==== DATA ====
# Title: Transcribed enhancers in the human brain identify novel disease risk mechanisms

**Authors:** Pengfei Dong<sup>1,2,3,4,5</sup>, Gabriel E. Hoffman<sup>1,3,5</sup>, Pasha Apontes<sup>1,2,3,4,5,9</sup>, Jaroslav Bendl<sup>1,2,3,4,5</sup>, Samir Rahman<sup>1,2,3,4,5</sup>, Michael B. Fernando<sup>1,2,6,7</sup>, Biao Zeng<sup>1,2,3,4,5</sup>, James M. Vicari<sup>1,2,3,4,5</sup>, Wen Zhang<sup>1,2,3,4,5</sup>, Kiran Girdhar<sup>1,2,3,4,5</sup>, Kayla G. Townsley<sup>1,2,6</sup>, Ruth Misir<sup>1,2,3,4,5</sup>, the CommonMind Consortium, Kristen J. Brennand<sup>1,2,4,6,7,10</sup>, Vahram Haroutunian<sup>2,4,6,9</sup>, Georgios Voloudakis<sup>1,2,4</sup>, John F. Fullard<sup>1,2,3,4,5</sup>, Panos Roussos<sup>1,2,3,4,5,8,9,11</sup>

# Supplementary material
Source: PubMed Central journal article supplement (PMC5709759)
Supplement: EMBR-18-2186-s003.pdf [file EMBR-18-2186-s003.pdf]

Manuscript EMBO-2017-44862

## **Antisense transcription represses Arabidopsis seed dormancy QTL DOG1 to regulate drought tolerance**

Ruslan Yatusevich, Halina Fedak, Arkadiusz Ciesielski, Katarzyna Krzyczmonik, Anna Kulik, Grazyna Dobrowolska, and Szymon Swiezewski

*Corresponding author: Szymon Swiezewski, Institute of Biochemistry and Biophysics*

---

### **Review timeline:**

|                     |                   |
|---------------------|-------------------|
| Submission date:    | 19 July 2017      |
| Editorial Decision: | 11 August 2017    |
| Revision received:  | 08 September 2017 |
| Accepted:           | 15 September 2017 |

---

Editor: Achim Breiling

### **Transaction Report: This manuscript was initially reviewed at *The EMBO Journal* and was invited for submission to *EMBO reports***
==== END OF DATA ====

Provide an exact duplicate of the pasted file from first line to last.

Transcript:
# Title: Transcribed enhancers in the human brain identify novel disease risk mechanisms

**Authors:** Pengfei Dong<sup>1,2,3,4,5</sup>, Gabriel E. Hoffman<sup>1,3,5</sup>, Pasha Apontes<sup>1,2,3,4,5,9</sup>, Jaroslav Bendl<sup>1,2,3,4,5</sup>, Samir Rahman<sup>1,2,3,4,5</sup>, Michael B. Fernando<sup>1,2,6,7</sup>, Biao Zeng<sup>1,2,3,4,5</sup>, James M. Vicari<sup>1,2,3,4,5</sup>, Wen Zhang<sup>1,2,3,4,5</sup>, Kiran Girdhar<sup>1,2,3,4,5</sup>, Kayla G. Townsley<sup>1,2,6</sup>, Ruth Misir<sup>1,2,3,4,5</sup>, the CommonMind Consortium, Kristen J. Brennand<sup>1,2,4,6,7,10</sup>, Vahram Haroutunian<sup>2,4,6,9</sup>, Georgios Voloudakis<sup>1,2,4</sup>, John F. Fullard<sup>1,2,3,4,5</sup>, Panos Roussos<sup>1,2,3,4,5,8,9,11</sup>

# Supplementary material
Source: PubMed Central journal article supplement (PMC5709759)
Supplement: EMBR-18-2186-s003.pdf [file EMBR-18-2186-s003.pdf]

Manuscript EMBO-2017-44862

## **Antisense transcription represses Arabidopsis seed dormancy QTL DOG1 to regulate drought tolerance**

Ruslan Yatusevich, Halina Fedak, Arkadiusz Ciesielski, Katarzyna Krzyczmonik, Anna Kulik, Grazyna Dobrowolska, and Szymon Swiezewski

*Corresponding author: Szymon Swiezewski, Institute of Biochemistry and Biophysics*

---

### **Review timeline:**

|                     |                   |
|---------------------|-------------------|
| Submission date:    | 19 July 2017      |
| Editorial Decision: | 11 August 2017    |
| Revision received:  | 08 September 2017 |
| Accepted:           | 15 September 2017 |

---

Editor: Achim Breiling

### **Transaction Report: This manuscript was initially reviewed at *The EMBO Journal* and was invited for submission to *EMBO reports***